The next year, EDD reported to the Legislature that in the first 29 weeks of 2015, it met or exceeded the goal during 22 of the weeks. It said the number of times a caller had to dial to get the call center— which was up to 31 weeks on average in 2014 — was down to under five attempts. In 2016 and 2017, EDD said it was often exceeding the 50,000 goal. But from January to mid-March of last year, before the pandemic, EDD was not meeting the goal in most weeks. The auditor found it answered about 42,000 calls per week, and met the 50,000 goal in four of the 11 weeks. Those numbers were less than one-fourth of the 184,000 calls a week seeking to speak to an agent. Seventeen percent of the calls were blocked because of technical limitations.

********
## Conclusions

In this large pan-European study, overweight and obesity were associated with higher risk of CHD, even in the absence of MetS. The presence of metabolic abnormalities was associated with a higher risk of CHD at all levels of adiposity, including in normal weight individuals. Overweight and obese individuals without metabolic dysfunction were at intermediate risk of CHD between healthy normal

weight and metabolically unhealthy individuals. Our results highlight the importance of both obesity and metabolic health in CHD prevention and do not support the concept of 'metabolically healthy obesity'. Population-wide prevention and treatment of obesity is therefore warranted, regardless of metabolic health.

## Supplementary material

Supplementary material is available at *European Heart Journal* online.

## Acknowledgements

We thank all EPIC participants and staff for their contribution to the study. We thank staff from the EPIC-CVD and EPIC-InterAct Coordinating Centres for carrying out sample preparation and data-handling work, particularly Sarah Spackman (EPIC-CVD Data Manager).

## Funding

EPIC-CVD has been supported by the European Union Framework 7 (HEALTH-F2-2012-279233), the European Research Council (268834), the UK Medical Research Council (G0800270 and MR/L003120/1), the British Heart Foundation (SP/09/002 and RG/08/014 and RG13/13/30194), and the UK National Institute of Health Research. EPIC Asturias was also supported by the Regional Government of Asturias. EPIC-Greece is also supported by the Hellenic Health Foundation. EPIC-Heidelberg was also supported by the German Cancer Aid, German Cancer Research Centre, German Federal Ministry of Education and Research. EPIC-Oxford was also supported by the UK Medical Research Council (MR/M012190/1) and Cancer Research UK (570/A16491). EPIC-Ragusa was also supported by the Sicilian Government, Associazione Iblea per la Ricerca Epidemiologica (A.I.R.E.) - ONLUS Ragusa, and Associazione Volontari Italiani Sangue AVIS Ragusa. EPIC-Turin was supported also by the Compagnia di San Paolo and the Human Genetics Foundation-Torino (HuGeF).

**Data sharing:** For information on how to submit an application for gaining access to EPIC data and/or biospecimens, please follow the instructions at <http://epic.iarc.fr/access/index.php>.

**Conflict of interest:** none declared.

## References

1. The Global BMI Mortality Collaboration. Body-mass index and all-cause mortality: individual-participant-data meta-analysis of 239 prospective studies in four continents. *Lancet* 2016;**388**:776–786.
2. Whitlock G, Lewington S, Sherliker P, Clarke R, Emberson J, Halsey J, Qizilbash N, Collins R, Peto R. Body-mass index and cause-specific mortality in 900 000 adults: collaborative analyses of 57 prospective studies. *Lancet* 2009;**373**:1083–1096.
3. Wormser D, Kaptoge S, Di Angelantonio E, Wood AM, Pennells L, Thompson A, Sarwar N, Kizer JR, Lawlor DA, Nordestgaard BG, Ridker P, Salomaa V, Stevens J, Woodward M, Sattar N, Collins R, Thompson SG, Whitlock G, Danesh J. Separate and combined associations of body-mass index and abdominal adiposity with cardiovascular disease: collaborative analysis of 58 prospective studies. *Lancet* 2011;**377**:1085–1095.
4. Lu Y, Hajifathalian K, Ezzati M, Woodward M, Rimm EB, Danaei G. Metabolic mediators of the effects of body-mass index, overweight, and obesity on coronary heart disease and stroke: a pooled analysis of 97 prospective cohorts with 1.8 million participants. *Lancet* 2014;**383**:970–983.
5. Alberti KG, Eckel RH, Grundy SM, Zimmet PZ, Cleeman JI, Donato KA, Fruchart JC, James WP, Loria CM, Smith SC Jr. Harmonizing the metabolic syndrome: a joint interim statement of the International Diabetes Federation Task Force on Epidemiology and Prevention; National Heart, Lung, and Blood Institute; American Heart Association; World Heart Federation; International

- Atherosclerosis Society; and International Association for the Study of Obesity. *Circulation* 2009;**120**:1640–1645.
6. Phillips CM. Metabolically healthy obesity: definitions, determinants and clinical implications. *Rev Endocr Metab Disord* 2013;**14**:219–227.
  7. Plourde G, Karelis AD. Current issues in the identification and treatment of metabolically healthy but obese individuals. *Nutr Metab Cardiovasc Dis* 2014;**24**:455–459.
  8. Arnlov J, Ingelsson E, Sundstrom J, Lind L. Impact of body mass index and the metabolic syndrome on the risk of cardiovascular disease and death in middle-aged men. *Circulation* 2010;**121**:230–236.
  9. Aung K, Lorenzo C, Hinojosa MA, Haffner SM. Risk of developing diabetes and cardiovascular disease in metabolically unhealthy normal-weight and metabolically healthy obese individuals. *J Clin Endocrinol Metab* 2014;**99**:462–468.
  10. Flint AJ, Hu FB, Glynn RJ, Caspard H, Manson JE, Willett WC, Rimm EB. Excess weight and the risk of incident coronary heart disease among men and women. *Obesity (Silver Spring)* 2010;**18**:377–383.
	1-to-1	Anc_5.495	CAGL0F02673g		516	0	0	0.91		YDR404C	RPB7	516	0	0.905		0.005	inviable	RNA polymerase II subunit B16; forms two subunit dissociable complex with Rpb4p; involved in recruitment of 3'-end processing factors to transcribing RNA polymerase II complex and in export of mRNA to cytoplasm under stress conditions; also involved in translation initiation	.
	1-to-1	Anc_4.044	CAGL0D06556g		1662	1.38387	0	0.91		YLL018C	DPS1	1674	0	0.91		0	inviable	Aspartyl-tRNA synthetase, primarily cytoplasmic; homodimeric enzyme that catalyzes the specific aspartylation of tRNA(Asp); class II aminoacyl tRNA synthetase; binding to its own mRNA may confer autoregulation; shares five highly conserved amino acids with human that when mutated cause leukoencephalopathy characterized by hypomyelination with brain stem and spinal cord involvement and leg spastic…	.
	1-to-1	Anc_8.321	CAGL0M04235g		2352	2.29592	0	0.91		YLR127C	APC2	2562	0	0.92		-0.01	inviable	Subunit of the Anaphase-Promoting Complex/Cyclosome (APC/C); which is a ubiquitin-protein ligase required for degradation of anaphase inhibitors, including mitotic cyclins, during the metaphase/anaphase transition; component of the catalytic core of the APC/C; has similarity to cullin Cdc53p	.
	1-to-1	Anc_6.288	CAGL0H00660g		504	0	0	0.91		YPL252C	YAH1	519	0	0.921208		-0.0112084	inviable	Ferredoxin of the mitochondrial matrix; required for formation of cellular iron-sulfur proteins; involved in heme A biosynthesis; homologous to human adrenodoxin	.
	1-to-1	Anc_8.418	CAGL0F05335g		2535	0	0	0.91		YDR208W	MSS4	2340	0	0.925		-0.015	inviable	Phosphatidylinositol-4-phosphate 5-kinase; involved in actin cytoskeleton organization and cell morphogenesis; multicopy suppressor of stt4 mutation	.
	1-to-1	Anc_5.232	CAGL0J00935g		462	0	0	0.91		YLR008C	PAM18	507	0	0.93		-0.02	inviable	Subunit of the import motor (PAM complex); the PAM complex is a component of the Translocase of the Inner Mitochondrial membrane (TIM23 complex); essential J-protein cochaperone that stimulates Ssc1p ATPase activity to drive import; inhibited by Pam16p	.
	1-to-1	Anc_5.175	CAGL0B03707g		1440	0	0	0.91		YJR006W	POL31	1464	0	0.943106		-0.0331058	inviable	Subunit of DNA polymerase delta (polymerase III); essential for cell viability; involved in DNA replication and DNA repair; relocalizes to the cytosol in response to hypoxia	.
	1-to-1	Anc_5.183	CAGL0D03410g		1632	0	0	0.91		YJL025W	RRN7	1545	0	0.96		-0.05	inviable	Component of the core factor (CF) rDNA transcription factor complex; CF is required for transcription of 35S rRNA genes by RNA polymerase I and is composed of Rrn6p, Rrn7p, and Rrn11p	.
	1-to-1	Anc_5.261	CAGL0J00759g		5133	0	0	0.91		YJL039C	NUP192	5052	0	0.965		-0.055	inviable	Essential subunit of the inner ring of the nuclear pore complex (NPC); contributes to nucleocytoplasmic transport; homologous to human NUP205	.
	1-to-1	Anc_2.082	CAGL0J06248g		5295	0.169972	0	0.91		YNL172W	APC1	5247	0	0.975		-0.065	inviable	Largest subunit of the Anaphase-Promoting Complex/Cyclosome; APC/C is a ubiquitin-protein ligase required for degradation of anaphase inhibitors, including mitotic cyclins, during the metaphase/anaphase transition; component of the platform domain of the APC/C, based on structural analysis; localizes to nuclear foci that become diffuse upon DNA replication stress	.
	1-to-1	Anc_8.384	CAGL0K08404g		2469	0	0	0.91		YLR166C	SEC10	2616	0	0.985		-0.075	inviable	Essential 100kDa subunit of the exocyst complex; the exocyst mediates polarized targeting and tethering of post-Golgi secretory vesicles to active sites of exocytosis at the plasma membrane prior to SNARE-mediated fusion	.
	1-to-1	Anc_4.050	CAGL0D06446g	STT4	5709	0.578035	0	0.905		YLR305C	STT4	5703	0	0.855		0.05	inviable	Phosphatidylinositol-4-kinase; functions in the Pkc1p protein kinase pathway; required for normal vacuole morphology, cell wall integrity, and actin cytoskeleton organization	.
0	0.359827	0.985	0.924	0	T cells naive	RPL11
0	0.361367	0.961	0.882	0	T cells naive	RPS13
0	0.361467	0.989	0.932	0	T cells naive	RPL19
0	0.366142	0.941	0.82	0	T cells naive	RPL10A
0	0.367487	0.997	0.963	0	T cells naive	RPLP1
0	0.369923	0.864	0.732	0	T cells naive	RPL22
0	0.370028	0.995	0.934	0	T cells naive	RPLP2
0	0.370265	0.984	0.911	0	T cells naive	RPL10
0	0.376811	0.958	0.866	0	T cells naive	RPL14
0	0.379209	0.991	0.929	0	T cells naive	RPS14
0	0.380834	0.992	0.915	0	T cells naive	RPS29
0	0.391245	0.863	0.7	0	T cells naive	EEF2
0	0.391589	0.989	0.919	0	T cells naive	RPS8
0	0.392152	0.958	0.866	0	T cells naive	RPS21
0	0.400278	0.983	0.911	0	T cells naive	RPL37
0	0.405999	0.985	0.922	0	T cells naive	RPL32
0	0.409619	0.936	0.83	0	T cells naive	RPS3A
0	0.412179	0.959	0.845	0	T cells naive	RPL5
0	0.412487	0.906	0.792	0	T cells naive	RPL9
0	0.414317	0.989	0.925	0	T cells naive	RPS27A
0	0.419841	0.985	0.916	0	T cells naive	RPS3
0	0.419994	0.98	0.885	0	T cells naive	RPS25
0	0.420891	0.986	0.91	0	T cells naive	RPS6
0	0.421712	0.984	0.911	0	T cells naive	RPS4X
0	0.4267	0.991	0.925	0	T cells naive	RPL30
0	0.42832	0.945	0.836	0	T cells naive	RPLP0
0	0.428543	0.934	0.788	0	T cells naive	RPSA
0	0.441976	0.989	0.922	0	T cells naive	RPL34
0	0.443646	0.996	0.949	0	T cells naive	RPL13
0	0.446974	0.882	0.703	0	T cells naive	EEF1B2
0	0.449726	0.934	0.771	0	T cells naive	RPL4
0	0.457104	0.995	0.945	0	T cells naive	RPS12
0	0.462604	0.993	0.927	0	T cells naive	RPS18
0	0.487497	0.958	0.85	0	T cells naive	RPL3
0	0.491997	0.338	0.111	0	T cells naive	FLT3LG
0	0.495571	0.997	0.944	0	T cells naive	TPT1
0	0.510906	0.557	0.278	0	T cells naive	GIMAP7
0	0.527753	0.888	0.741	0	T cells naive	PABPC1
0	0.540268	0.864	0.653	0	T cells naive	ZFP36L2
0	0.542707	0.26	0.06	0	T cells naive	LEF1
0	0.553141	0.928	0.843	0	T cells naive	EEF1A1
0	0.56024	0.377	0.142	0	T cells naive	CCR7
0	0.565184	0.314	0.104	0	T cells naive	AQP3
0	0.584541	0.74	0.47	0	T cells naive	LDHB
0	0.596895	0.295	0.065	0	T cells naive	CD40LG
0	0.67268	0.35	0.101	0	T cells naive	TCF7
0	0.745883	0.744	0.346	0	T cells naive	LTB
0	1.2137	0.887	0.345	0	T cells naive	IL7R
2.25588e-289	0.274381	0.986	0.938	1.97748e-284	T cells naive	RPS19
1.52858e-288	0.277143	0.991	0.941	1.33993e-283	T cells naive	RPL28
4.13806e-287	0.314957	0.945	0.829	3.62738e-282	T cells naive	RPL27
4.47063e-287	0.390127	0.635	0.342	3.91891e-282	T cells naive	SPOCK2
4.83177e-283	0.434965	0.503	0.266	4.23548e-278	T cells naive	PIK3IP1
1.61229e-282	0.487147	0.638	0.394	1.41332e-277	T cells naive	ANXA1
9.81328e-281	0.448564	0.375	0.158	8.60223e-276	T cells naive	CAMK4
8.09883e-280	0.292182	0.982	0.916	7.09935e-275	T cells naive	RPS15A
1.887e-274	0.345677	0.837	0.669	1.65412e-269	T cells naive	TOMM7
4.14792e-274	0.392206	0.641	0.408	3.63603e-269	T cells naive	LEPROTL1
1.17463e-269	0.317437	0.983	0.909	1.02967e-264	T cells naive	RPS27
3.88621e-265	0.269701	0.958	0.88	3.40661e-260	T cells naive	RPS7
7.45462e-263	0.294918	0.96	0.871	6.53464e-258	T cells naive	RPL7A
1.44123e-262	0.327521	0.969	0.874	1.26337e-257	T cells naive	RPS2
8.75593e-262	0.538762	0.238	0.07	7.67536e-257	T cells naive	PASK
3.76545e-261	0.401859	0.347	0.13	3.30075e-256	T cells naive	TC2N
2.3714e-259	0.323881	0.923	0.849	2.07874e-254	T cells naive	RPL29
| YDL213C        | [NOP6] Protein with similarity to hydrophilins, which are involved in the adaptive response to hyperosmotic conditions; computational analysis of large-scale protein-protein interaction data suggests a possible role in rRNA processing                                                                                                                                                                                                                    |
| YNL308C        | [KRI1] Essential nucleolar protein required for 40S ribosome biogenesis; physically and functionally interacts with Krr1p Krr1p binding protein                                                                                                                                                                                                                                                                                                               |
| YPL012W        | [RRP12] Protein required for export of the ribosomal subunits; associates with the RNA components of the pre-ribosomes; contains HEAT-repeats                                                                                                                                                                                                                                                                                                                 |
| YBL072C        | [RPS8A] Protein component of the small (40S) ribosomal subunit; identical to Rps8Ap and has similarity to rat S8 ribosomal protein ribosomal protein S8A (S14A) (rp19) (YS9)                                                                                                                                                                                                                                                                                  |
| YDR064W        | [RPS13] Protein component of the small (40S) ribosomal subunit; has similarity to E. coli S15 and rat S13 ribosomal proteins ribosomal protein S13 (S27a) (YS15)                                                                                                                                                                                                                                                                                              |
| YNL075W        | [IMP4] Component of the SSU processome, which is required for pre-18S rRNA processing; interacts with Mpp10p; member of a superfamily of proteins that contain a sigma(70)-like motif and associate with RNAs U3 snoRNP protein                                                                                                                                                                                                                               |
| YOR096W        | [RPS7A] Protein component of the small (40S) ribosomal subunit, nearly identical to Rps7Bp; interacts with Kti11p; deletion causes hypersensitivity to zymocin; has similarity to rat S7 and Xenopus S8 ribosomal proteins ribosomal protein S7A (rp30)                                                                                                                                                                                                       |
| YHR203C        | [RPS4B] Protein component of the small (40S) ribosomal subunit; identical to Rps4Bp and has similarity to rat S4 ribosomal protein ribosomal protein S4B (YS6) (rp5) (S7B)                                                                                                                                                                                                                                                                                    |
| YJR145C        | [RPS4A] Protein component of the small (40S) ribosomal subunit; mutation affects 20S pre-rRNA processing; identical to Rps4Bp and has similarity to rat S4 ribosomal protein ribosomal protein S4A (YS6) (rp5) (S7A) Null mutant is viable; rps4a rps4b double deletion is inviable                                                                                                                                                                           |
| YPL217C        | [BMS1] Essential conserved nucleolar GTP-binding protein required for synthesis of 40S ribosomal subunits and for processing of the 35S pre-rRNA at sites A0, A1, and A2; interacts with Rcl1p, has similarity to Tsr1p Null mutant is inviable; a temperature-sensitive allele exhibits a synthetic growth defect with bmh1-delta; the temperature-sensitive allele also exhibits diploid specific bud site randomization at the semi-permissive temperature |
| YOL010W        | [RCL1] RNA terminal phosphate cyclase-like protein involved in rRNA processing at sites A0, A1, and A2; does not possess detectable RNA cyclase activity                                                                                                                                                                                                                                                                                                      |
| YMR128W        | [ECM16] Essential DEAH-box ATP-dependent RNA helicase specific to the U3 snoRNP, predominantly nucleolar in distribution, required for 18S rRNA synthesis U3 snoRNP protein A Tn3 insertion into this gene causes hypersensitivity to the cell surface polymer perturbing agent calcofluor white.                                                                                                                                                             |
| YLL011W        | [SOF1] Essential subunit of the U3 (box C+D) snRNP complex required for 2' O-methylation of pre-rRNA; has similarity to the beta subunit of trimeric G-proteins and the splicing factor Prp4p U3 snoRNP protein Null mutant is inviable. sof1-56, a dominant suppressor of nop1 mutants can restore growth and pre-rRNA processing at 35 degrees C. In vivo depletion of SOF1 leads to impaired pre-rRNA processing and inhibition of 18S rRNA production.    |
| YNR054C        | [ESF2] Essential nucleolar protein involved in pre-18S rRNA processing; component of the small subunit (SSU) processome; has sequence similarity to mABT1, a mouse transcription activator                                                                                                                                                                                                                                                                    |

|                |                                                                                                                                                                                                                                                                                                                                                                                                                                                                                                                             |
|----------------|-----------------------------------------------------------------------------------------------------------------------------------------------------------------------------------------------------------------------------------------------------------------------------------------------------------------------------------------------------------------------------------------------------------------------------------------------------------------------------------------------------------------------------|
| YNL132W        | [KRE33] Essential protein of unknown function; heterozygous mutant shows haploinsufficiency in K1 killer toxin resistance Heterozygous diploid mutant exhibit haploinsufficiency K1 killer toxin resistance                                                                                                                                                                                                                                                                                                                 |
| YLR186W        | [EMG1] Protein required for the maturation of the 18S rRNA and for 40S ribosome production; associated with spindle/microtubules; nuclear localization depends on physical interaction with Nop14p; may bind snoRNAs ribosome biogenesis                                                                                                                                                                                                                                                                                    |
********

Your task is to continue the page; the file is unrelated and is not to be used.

Then came the COVID-related surge and EDD was answering less than 1% of the calls and it “failed to answer hundreds of thousands of requests for assistance that claimants submitted online,” the auditor said. The agency added thousands of staff members to help and added a new phone system, and in April, Gov. Gavin Newsom ordered EDD’s oversight agency to expand call center hours and ensure sufficient staffing levels to process claims. But problems persisted. In the first week of August, for instance, EDD agents answered about 161,000 calls. But 1 million people had tried to get through, meaning 84% of calls were unanswered. FRUSTRATED CUSTOMERS Sierra Beck, a spa owner in Orange County, has been calling for weeks with questions. Last Monday, she called at 8:01 a.m., as soon as the center opened.